Front Brakes vs Rear Brakes – What’s the Difference?
Is there a difference between front brakes vs rear brakes? The front brakes are in the front, and the rear brakes are in the rear. That’s all you need to know, right? Perhaps, on the most basic level, that would be “correct,” but entirely misleading. The front brakes vs rear brakes comparison has everything to do with friction and heat.
From a physics standpoint, the brakes on your car are designed to convert the kinetic energy of your moving vehicle into heat energy, via friction. The result of that energy conversion is what brings your car to a stop. Then, vehicle design, including that of the brakes themselves, helps to dissipate that heat to the air.
Now, here’s where the major difference arrives: the amount of heat generated. Taking a look at the front brakes and rear brakes, especially the size and weight of the brake rotors, brake calipers and surface area of the brake pads, it’s obvious that the front brakes are a lot heavier than the rear brakes, enabling them to take the heat.
Front Brake Design — Hot Stuff
Back to physics for a moment, to further understand why the front brakes need to handle so much more heat. When you’re moving forward and you hit the brakes, the center of gravity of the vehicle effectively shifts forward, putting more weight and more momentum on the front tires. The front tires therefore gain more traction, and they can take more braking force to stop the car. Because the front brakes generate up to 75 percent of the vehicle’s stopping force, they generate much more heat, over 500°F in heavy braking.
This has necessitated the development of a few common design features:
- High hydraulic pressure, split by the master cylinder, delivers more clamping force.
- Larger and multi-piston brake calipers develop more clamping force.
- Larger brake pad surface area increases friction.
- More aggressive brake pad material also enhances friction.
- Larger diameter brake rotors for more stopping torque.
- Thicker brake rotors maintain their shape at high temperatures.
- Ventilated brake rotors dissipate heat faster.
- Aerodynamic features in the body and under the car drive air through the brakes, aiding in heat dissipation.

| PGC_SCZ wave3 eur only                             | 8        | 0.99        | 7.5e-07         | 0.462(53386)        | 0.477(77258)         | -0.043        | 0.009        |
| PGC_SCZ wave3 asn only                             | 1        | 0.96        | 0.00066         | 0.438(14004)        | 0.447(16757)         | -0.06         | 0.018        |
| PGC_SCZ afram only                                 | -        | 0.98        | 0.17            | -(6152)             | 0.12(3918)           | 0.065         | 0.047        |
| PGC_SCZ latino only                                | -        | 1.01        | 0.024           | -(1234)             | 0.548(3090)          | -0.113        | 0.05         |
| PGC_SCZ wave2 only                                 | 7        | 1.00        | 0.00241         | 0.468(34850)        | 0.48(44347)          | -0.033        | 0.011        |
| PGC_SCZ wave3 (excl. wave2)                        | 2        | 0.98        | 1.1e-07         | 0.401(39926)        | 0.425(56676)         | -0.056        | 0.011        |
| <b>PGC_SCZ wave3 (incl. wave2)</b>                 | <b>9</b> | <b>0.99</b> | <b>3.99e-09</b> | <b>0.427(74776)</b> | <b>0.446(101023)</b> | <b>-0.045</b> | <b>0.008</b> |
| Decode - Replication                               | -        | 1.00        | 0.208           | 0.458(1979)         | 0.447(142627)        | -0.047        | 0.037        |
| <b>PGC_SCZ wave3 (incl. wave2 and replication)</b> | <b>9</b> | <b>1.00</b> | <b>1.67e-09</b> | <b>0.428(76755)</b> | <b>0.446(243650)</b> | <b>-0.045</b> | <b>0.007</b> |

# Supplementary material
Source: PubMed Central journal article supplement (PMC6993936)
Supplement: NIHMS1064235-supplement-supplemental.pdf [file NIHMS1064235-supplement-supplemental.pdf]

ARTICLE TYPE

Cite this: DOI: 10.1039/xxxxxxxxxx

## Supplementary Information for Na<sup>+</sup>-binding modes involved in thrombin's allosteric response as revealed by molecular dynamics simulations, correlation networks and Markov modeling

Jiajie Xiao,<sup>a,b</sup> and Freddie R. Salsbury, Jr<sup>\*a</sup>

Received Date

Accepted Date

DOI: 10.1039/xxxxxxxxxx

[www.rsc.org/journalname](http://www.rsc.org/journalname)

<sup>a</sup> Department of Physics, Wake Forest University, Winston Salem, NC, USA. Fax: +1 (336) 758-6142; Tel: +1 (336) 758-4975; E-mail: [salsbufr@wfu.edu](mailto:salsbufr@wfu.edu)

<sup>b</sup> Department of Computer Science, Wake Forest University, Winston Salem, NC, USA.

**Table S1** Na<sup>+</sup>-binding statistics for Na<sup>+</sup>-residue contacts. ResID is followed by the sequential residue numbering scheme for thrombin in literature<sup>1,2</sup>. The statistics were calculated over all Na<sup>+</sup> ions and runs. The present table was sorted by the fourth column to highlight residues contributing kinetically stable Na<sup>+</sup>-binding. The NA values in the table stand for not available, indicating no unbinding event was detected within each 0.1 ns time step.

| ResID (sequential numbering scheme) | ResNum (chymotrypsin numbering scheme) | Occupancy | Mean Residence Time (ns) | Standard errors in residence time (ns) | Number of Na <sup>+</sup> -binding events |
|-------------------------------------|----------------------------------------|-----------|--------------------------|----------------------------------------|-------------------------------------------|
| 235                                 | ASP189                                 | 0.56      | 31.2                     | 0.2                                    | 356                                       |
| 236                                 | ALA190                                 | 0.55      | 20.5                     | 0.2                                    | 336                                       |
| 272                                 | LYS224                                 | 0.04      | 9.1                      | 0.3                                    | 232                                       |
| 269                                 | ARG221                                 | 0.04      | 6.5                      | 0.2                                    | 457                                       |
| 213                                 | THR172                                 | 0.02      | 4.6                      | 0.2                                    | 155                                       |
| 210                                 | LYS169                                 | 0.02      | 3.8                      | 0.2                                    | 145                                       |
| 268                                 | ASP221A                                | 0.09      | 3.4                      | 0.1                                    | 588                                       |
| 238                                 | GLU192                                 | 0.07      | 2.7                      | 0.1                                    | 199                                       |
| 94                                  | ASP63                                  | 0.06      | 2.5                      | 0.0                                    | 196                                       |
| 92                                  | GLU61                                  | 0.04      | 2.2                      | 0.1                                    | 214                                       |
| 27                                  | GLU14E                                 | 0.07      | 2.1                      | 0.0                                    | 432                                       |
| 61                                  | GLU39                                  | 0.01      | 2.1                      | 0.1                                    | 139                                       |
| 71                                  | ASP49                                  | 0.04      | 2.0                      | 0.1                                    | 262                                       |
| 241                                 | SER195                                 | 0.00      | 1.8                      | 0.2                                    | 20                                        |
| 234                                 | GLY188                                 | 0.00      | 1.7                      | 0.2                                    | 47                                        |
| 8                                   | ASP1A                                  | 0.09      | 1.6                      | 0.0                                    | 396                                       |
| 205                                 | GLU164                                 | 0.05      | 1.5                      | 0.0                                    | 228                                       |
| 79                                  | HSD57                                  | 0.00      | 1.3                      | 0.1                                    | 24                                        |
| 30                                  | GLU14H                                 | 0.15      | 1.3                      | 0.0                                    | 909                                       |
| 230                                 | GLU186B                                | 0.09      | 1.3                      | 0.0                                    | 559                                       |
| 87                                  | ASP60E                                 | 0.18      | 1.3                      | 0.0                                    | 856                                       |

Rear Brake Design — Stability
Overall vehicle design determines front brakes vs rear brakes bias, but most rear brakes should never provide more than 40 percent of the stopping power at any given time. As such, they don’t develop nearly as much heat as the front brakes. If they weren’t designed for this lesser load, the rear brakes would lock up every time you stepped on the brake pedal, or at least the anti-lock braking system (ABS) would be activating all the time.
Providing just the right amount of braking power and vehicle stability requires the following:
- Low hydraulic pressure, split by the master cylinder, has less clamping force.
- Smaller brake calipers also give less clamping force.
- Smaller brake pad surface and less aggressive brake pad material for decreased friction.
- Smaller diameter brake rotors for less stopping torque.
- Thinner brake rotors are lighter and don’t have to endure that much heat.
- Solid brake rotors don’t have to dissipate that much heat.
- Drum brakes, on many economy cars, with all the above benefits.
As you can see, there’s quite a difference in your braking system, from front to rear. Built to take the heat and stop your car safely, no matter where they are located your brakes are designed to get the job done.
Check out all the brake system parts available on NAPA Online or trust one of our 17,000 NAPA AutoCare locations for routine maintenance and repairs. For more information on your brakes, chat with a knowledgeable expert at your local NAPA AUTO PARTS store.
Photo courtesy of Wikimedia Commons